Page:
Do you want to address that?
    The usual practice is to just have briefs on the web without this motion. They automatically go onto the web.
    Chair, to follow up regarding the Kearl study...I go to the digital binder, so I haven't gone to the public site other than to look at the notice of meeting.
    Are any Kearl briefs there currently? The follow-up to that would be to ask whether there are any that will be posted either as they are received or maybe as they're working through the process.
    There's one currently from Fort Chip. That's all we have received for now for briefs.
    Even Imperial didn't send in a brief. They just appeared and spoke.
    This is an interesting point. Before I go to Madame Pauzé and Mr. Lake, is there not an assumption that whatever you send to the committee is public? Often, when there is a sensitive issue, the committee agrees to go in camera and see a witness in camera.
    I don't know if there's a natural presumption.
    We will go to Madame Pauzé and Mr. Lake and then back to Mr. Kurek.
    Mr. Chair, I have my hand up. I know I'm way down here at the end.
    I'm sorry. Before Mr. Kurek, it will be Mr. Bachrach.
    Madame Pauzé.


    Mr. Chair, I've said what I had to say. I will come back later, maybe to answer a question. As you said, this was a public study. If it was confidential, that should have been made clear.
    I'd be surprised if the people, including the people at Imperial Oil Resources Limited, who submitted a 1,250-page document, would expect it not to be released to the public. That would surprise me. That said, some less experienced individuals might take it for granted that it wouldn't be released.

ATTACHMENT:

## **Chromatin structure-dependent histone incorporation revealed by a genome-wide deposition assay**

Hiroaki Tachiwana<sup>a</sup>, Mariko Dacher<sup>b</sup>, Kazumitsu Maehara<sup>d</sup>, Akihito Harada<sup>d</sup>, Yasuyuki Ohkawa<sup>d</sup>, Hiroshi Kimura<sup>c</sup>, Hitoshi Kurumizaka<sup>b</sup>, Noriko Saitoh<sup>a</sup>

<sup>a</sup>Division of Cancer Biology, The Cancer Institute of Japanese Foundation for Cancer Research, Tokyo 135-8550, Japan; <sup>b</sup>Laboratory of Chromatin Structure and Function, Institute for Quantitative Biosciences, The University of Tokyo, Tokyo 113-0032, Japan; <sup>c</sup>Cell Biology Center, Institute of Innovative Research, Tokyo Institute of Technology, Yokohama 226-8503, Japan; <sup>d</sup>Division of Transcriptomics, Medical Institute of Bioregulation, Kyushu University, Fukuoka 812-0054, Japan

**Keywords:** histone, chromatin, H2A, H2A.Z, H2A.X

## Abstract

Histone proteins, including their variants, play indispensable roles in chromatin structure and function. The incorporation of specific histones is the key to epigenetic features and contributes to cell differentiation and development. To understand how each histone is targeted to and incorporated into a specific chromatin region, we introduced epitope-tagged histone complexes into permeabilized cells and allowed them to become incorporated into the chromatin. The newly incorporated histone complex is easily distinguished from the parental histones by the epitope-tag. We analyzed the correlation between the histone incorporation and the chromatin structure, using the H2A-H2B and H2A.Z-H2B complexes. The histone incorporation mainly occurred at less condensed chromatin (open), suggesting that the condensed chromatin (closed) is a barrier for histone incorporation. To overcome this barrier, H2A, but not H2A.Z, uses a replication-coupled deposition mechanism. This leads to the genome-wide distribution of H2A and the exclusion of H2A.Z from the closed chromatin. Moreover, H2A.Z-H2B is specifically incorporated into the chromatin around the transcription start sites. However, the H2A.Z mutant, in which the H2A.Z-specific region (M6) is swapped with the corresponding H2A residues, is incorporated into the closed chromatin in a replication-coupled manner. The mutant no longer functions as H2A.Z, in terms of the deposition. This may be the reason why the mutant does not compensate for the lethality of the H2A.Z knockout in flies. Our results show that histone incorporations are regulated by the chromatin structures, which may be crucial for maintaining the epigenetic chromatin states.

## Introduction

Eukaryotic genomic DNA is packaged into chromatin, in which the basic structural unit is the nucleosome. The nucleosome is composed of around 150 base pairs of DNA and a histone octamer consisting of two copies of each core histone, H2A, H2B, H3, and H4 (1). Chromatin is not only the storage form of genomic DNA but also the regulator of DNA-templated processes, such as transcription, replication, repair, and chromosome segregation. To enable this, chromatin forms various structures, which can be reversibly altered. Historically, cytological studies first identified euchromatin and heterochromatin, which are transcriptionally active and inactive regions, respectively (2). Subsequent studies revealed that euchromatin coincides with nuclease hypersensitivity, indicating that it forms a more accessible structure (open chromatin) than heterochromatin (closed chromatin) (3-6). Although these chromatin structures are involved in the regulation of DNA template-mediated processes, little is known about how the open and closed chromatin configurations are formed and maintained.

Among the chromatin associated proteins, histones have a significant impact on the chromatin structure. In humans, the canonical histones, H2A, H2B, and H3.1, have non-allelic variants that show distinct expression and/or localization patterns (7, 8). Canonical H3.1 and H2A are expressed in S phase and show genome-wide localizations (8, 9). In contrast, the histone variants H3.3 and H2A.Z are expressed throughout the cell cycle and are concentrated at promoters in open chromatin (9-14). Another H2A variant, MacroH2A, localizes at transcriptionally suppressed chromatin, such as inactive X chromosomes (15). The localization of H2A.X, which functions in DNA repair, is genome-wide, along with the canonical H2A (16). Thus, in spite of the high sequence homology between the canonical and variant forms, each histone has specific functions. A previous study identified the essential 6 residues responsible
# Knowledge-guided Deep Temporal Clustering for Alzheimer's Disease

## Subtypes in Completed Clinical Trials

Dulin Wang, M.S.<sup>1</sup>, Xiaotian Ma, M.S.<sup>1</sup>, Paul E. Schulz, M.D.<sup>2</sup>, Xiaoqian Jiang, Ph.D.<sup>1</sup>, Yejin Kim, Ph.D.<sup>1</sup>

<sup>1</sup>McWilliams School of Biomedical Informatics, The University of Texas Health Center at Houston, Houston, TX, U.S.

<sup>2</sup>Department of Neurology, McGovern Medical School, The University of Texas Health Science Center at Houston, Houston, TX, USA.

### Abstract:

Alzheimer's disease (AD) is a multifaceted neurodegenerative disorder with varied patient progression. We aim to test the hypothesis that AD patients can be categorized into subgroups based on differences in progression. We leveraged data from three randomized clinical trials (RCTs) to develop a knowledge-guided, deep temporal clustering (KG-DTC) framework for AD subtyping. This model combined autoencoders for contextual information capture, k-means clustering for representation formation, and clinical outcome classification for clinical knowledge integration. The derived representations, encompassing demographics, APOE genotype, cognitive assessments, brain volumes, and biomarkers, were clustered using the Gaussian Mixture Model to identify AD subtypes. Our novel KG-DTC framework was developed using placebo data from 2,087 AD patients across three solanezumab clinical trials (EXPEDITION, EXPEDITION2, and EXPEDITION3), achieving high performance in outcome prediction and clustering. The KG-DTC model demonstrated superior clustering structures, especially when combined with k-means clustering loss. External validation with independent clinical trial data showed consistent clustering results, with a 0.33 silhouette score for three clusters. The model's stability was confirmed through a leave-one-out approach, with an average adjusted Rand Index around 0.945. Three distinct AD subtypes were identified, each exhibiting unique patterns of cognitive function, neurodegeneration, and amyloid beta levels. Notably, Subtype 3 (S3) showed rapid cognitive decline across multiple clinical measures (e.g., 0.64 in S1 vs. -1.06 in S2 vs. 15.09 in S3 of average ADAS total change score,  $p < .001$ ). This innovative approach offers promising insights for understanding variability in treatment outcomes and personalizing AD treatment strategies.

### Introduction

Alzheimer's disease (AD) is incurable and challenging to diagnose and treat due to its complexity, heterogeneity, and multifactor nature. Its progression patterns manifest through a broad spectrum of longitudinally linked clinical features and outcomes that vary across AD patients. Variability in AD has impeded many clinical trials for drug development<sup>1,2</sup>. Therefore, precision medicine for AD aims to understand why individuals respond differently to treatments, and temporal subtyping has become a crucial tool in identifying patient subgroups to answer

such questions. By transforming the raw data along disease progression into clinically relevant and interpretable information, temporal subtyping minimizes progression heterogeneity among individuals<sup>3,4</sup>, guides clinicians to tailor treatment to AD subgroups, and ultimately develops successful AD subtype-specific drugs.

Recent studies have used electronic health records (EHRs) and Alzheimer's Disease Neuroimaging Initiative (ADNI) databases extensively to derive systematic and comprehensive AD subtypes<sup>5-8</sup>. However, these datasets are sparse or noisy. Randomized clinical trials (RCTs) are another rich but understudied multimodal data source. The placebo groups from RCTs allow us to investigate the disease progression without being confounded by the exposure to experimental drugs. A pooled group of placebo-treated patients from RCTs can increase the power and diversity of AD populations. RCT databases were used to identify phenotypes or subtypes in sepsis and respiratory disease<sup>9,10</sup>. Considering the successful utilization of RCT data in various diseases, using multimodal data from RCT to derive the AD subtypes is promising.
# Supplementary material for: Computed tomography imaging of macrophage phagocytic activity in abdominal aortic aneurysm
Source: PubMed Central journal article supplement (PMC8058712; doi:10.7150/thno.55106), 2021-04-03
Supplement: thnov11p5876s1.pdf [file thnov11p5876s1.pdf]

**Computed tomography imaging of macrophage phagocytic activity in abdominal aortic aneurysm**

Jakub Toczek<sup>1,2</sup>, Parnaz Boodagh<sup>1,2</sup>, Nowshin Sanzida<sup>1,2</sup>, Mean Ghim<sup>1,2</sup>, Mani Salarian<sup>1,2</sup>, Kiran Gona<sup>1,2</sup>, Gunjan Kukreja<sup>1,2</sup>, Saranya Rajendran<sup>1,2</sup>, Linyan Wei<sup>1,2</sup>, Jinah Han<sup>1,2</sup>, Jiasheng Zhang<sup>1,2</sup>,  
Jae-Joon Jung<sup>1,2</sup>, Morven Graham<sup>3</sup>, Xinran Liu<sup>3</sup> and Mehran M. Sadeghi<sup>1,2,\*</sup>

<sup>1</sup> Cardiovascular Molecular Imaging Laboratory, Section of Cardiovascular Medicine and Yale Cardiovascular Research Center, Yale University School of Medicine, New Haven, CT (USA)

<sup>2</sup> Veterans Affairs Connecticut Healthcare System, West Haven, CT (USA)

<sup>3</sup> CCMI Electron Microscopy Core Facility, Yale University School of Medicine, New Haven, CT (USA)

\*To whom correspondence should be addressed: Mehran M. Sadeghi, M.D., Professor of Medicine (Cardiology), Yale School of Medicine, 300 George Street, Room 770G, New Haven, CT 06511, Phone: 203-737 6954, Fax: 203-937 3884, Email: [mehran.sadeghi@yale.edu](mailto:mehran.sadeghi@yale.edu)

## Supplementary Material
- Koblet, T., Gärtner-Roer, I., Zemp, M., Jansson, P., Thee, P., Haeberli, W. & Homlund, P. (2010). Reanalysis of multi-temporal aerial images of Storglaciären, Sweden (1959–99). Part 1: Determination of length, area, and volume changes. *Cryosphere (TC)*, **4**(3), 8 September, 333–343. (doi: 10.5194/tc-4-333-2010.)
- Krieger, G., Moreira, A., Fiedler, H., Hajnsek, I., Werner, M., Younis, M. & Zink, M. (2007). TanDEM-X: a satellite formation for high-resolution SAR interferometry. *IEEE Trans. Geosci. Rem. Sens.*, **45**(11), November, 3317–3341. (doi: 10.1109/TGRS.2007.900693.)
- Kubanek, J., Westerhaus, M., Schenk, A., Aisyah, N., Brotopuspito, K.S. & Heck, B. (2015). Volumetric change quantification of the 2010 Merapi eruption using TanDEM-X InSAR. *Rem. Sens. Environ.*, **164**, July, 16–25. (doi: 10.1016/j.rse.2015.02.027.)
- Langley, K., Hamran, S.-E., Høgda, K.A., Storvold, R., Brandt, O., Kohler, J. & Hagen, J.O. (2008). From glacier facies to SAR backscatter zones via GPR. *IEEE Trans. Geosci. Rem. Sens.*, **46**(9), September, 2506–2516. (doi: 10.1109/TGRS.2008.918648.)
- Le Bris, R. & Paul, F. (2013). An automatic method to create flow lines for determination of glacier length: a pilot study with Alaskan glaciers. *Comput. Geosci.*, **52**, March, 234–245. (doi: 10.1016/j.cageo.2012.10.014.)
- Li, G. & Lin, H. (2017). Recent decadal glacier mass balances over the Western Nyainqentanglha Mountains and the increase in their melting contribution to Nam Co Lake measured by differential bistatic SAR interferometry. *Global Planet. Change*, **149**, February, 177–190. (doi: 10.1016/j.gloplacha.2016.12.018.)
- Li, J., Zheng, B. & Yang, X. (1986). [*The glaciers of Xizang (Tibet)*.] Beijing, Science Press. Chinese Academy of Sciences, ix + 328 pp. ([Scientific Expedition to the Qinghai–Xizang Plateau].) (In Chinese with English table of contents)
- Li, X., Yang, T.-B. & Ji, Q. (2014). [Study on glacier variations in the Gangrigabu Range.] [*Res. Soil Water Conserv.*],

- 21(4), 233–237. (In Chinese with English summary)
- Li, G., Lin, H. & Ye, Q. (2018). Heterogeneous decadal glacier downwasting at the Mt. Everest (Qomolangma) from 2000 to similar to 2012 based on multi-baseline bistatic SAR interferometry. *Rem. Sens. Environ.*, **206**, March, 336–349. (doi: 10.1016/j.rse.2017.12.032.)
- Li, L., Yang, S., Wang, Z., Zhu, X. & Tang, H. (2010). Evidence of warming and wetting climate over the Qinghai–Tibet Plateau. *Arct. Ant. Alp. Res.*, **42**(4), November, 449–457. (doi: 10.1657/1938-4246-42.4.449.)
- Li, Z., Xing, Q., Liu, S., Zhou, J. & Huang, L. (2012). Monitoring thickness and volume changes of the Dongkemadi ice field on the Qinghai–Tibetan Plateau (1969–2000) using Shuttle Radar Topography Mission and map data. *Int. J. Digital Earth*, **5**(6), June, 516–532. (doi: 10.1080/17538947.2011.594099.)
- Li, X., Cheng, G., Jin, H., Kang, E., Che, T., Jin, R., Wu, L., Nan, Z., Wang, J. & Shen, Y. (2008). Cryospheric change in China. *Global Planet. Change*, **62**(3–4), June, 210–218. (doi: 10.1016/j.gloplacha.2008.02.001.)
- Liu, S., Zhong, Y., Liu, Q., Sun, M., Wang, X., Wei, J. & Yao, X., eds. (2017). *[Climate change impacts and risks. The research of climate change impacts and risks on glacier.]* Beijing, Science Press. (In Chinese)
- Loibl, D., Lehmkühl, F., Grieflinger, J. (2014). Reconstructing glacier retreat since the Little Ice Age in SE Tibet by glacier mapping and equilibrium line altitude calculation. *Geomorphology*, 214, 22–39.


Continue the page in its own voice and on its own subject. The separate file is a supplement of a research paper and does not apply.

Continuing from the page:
Mr. Lake.
    I have been here a long time. I fully admit that I would have thought it was all public already, to be honest.
    I'm curious. I would like some clarification and just an understanding. If we're doing something that is unusual—and this committee, in the last couple of weeks, has done unusual things; it has done things that are different from the norm—I want to get an understanding as to why things aren't made public normally. Is there a reason specifically that they are not? What differentiates what's public from what's not and why something that's not isn't normally made public?
    Basically as I understand it, we're not talking about briefs. We're not really talking about correspondence.
    I think anyone who sends correspondence to the committee expects it to be public. We're talking about the material that comes in after a member requested it at the meeting, asking if they could send us additional information about this. I don't think we have been posting that in the past.
    Ultimately, I think this is what we're talking about. Madame Pauzé wants to make sure that when we ask for this additional information—at least in this case, because it relates to this particular study—it's made public. That's what we're talking about.
    Are there many documents that we have asked for, other than the 1,250-page document?


     Was it from Imperial Oil?